Did you know that by saying certain things in the name of demonstrating love and care, you pretty much will be misleading your kids?
Or, did you know that there are a multitude of things we parents do as we raise our kids that effectively amount to us lying to them? Or
By unintentionally misleading your kids as they grow up, you effectively set them up for failure and unhappiness as they leave your care to face the real world on their own.
I got thinking about this after meeting Kristina Kuzmic on YouTube and getting to watch her videos.
This post reinforces what Kristina says in the video below.
The Big Problem
Most, if not all, of the time when we mislead or lie to our kids, we do it unintentionally because granted, most normal parents love our kids.
Or at least some pretend to.
The problem with the lies some parents tell their kids and the wrong direction they lead them towards arise from these parents’ misguided belief that they have to be their kids’ friend.
While there is enough people to argue that parents should be friends with their kids, I will not go into this topic here.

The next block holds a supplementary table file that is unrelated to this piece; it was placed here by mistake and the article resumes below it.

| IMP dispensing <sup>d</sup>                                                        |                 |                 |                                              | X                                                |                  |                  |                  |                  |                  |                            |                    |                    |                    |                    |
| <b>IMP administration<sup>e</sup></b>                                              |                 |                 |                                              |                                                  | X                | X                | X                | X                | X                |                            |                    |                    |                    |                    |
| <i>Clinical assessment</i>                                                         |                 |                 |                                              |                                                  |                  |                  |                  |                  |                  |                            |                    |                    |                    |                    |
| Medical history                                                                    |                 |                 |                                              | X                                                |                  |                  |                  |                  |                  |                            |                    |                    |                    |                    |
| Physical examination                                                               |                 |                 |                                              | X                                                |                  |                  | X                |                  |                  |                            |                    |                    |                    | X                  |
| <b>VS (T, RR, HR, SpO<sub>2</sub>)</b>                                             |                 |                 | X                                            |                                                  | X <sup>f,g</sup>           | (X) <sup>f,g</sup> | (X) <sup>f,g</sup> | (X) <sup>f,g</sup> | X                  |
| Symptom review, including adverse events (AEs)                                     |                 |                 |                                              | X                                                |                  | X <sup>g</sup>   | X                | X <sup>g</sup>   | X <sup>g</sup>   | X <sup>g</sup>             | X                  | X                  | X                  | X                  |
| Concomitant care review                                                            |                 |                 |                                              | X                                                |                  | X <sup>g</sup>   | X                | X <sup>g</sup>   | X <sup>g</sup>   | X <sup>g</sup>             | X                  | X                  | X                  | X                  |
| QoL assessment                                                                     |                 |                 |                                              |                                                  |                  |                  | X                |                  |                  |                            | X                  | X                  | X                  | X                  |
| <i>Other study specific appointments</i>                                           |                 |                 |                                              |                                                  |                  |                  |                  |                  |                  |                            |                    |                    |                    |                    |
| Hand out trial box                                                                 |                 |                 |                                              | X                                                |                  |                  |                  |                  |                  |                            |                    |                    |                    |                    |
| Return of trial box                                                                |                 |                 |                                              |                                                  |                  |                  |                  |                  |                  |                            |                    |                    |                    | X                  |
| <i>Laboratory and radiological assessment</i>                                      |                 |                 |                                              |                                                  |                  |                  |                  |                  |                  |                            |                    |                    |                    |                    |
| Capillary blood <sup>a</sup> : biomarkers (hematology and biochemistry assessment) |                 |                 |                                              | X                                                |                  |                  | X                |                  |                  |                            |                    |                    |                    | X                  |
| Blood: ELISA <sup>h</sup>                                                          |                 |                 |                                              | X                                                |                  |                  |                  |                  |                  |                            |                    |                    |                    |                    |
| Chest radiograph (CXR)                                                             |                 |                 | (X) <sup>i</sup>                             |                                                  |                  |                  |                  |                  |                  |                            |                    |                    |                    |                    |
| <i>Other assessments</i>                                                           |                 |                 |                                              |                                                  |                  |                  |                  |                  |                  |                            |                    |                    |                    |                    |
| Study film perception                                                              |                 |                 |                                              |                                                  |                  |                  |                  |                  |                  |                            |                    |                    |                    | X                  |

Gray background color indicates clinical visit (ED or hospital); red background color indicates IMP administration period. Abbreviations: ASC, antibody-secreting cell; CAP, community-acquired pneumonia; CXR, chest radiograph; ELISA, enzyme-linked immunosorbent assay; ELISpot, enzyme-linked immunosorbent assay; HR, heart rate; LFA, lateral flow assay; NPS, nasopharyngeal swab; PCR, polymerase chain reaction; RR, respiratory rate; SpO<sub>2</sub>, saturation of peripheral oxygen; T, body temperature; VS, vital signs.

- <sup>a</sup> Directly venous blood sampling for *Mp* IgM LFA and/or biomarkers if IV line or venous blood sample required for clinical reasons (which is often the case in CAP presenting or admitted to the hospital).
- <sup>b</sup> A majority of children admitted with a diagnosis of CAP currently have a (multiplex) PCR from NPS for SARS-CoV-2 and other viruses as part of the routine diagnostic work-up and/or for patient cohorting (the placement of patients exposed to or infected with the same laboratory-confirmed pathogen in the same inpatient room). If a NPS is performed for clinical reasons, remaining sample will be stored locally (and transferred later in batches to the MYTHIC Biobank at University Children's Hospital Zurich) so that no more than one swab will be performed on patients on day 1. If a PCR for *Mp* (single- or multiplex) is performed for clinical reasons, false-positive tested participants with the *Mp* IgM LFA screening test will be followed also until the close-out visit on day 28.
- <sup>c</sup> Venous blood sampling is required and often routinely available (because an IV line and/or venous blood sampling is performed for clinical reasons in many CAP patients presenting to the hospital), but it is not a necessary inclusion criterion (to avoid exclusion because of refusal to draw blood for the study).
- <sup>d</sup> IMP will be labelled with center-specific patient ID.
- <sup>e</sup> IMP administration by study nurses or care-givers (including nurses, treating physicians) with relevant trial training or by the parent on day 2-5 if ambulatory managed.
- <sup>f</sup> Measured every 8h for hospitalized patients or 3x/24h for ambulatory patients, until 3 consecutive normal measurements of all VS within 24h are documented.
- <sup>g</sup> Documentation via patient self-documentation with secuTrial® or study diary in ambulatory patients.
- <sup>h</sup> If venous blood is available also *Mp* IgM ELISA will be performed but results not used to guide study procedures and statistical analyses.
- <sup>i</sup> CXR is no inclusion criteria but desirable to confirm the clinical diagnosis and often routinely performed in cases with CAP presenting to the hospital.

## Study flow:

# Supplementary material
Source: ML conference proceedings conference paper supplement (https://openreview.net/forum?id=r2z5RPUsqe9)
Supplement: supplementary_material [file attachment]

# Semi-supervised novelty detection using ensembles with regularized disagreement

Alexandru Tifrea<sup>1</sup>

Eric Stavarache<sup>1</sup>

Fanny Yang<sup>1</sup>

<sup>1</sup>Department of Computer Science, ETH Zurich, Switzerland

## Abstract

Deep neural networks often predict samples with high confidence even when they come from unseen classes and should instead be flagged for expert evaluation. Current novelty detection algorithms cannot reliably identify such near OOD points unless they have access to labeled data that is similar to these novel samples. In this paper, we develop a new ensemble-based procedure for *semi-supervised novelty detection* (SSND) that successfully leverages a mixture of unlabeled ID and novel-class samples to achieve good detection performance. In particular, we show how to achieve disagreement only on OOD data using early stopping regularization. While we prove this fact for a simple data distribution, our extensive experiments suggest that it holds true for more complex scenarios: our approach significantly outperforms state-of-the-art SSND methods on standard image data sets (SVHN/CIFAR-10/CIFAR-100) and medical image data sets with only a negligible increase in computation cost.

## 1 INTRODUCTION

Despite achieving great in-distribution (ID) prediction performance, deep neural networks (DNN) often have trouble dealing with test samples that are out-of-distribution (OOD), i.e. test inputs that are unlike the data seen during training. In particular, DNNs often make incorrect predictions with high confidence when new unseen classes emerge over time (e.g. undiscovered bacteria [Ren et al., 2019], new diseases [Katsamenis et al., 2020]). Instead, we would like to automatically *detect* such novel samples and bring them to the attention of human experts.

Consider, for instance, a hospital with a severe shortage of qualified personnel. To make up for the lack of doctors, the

Suffice it say though, I think developing a friendship relationship with one’s kid is misguided parenting.
But that’s my view.
Misleading your kids behavior #1 – Giving them everything they want
Messed up as this might be, there’re parents that seek the approval of their kids. These parents avoid anything that they feel might anger or make their child unhappy.
This behavior is most demonstrated when parents give their kids everything the kids want.
These parents are afraid that if they deny their kids certain things the kids would hate them.
As a result, the parents end up spoiling the kids by indulging their whims which ever way how.
By giving the kids every little thing they desire, the parents unwittingly set the kids up for some rude awakenigs in adulthood.